Someone earning £45,000 would enter the 40 per cent income tax rate. If the 50p rate were abolished, they would pay the same marginal rate as someone earning £200,000. But they would still pay a much smaller amount representing a much lower rate. The individual on £45,000 would pay £8,010, or 17.8 per cent, compared to £73,000 (36.5 per cent) for the individual on £200,000.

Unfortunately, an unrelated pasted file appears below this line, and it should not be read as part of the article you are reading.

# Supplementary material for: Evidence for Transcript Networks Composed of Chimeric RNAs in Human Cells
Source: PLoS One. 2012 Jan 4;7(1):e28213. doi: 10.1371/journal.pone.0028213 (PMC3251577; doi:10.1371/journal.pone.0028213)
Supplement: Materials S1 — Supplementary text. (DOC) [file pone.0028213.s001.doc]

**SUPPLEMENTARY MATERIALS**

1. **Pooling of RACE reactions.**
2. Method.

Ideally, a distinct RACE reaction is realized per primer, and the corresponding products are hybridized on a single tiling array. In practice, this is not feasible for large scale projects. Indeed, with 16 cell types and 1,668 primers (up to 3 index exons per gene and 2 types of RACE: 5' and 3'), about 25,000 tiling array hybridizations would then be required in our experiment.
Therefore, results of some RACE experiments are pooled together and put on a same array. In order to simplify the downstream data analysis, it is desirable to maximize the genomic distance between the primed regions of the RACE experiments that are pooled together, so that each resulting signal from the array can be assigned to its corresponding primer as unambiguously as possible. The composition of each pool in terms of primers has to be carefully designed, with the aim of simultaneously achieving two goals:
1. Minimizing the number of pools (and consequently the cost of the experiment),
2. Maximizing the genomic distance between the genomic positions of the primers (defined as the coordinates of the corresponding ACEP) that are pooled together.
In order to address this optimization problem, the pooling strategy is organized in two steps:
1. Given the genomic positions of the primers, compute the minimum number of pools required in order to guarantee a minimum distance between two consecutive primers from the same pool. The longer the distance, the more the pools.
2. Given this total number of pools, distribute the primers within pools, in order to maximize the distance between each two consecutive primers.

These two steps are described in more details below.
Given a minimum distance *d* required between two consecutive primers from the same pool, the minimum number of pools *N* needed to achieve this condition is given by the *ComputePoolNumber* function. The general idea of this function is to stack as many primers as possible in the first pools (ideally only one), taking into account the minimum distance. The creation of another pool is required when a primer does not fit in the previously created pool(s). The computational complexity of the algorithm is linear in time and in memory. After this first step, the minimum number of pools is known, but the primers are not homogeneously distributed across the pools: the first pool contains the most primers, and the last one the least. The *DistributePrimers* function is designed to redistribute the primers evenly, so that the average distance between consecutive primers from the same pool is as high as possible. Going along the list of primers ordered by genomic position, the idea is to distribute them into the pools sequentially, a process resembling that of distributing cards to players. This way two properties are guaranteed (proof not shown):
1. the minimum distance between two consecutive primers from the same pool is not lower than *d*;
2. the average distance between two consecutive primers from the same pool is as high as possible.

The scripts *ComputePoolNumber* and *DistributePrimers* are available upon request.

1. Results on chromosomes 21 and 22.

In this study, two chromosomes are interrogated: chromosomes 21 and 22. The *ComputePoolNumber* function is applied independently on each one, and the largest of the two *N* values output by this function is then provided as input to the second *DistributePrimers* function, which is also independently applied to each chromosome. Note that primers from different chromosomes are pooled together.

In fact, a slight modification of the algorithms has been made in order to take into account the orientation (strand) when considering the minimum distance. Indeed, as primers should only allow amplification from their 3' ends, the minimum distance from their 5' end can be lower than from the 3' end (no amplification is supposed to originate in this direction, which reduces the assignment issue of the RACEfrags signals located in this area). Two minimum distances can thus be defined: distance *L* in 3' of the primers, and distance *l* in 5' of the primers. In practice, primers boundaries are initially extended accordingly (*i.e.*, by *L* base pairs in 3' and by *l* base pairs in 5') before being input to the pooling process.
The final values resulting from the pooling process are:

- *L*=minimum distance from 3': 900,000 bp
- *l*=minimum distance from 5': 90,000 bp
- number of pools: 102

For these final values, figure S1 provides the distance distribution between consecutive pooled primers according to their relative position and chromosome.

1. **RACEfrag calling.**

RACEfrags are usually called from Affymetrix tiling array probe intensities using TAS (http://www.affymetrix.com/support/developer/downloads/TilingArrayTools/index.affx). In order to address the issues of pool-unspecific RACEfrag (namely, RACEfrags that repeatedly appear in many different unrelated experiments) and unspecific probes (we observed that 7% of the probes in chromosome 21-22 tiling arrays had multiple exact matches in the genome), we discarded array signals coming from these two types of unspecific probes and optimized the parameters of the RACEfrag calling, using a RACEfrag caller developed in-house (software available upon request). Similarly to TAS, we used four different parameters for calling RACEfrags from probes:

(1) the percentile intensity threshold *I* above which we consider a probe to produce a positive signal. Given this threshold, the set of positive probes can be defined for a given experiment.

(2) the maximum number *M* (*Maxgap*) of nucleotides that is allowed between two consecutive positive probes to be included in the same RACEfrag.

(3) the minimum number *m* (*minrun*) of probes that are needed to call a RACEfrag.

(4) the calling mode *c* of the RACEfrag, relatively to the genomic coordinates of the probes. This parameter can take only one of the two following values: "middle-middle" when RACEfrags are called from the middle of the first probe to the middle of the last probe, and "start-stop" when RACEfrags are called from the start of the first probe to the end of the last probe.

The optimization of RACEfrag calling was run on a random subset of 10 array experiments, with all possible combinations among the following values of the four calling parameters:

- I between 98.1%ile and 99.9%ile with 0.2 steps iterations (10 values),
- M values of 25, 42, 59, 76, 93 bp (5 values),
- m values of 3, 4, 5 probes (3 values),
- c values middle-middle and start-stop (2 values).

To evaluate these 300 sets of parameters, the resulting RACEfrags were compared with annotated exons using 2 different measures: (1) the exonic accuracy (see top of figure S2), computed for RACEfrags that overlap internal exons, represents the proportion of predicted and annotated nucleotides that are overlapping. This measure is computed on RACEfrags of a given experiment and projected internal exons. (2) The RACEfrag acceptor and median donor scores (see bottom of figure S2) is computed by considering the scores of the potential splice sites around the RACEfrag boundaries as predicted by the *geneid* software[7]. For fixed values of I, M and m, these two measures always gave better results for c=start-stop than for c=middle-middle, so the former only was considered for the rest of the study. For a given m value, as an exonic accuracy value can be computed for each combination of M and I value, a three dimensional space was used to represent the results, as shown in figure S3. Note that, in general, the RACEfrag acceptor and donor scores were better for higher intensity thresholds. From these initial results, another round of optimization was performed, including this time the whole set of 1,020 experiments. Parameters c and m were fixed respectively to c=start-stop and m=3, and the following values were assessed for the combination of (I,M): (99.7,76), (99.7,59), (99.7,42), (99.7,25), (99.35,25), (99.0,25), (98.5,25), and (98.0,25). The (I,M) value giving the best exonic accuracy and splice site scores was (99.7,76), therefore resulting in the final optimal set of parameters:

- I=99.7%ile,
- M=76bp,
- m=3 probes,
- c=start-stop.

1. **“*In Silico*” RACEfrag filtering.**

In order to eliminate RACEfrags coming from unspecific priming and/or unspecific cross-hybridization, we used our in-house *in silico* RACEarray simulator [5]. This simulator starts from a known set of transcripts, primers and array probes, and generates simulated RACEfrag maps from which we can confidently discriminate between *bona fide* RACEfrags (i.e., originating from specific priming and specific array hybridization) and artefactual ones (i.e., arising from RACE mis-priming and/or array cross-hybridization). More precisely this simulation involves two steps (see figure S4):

Independent estimates suggest the 50p rate doesn’t raise any money for the Treasury at all, and I’ve discussed the unfairness of hitting people with a tax for no better reason than to make them suffer for the politics.co.uk website. I don’t think most people would think it unfair that someone earning £200,000 paid £73,000 (50p rate abolished) instead of £78,000 (with 50p rate) in income tax when the individual on £45,000 pays £8,010. But most of us do think it’s very unfair to clobber people with taxes that don’t even raise any money.